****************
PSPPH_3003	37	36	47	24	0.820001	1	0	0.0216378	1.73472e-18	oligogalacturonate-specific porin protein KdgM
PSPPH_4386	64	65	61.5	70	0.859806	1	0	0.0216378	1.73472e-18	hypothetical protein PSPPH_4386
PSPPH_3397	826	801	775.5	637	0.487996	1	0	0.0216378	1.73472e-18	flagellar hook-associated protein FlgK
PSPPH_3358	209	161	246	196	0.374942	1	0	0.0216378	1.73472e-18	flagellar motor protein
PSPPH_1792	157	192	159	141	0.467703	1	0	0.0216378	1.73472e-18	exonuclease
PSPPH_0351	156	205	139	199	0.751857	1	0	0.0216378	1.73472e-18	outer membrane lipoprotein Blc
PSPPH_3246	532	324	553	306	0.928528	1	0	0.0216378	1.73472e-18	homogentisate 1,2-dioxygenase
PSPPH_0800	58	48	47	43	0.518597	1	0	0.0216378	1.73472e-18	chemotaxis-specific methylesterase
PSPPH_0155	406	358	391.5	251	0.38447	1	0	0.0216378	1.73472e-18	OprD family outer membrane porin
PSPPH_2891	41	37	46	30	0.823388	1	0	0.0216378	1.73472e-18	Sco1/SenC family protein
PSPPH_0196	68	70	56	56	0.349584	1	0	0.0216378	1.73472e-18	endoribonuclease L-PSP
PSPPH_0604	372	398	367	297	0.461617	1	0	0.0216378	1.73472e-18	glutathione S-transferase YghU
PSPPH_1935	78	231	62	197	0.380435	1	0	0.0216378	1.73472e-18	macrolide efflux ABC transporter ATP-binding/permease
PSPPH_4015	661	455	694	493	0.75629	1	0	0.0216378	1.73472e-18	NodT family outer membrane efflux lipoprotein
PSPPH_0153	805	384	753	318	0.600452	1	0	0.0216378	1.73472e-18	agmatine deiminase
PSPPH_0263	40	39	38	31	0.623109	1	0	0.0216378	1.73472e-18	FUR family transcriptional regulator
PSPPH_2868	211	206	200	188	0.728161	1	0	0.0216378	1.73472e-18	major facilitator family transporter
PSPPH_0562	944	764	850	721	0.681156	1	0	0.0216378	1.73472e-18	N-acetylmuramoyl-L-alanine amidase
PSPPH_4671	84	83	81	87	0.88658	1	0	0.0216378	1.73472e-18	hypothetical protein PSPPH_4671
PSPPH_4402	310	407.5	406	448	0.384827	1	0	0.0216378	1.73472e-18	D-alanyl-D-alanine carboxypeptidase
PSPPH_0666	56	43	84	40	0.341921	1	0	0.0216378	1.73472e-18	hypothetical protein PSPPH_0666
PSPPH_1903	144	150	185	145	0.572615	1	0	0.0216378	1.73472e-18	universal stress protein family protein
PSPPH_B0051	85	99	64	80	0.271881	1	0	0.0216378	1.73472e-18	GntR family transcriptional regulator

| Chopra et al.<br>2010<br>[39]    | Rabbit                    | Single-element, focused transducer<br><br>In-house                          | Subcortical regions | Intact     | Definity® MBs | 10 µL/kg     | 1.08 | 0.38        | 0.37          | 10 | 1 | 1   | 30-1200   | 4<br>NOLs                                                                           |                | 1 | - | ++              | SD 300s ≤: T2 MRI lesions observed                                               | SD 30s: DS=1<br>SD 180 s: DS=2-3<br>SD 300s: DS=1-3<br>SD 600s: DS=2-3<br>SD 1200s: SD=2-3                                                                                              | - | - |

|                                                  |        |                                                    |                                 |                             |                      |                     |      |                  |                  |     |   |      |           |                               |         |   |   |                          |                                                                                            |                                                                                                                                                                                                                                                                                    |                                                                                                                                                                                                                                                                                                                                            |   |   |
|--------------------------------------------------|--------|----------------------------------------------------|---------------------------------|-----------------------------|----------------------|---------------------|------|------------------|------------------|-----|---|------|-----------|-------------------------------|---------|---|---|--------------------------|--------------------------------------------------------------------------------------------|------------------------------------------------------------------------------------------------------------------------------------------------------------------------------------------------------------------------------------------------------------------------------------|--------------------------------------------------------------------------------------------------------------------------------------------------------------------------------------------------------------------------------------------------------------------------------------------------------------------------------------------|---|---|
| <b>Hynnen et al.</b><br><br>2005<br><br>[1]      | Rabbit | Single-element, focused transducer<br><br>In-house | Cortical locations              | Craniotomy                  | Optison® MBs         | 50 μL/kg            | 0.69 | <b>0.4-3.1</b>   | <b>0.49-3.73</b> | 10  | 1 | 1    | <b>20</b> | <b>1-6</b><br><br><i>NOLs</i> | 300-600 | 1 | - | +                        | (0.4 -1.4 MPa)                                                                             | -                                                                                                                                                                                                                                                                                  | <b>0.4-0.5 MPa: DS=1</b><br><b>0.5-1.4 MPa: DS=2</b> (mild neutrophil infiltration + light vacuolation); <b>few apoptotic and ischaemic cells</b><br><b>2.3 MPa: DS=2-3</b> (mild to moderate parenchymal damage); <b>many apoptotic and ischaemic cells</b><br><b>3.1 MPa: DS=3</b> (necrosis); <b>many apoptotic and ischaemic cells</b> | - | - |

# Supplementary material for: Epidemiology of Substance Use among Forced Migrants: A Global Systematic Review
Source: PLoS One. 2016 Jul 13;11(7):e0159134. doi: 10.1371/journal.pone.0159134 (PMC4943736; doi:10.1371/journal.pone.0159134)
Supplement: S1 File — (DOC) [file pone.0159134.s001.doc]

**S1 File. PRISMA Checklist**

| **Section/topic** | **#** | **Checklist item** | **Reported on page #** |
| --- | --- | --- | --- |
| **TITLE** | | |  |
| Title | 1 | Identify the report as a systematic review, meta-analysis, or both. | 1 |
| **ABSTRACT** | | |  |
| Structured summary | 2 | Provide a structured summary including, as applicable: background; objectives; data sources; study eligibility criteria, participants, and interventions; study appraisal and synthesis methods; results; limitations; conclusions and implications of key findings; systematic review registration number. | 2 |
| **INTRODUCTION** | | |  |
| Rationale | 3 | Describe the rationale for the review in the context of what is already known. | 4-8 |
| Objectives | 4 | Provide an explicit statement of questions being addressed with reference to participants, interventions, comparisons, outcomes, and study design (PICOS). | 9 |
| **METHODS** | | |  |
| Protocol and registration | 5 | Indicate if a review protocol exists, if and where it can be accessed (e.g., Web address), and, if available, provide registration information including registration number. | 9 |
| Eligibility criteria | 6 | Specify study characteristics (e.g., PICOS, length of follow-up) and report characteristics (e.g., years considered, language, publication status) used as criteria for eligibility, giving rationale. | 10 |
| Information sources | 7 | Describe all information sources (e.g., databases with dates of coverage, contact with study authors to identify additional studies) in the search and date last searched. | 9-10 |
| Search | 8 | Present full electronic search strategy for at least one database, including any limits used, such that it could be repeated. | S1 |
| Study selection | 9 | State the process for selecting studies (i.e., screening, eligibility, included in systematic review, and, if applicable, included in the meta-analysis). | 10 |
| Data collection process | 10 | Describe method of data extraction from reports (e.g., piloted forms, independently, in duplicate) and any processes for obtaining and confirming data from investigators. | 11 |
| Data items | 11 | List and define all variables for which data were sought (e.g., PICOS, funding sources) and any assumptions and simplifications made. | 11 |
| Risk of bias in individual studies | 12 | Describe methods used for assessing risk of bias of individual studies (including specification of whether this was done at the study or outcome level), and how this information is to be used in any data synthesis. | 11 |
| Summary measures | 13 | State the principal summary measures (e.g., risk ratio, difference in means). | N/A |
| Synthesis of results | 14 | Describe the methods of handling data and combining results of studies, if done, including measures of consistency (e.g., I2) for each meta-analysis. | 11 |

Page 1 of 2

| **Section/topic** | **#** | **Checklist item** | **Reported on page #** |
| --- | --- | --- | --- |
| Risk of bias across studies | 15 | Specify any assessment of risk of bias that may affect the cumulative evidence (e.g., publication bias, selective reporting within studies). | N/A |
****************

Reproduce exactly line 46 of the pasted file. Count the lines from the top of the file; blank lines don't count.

| Study selection | 9 | State the process for selecting studies (i.e., screening, eligibility, included in systematic review, and, if applicable, included in the meta-analysis). | 10 |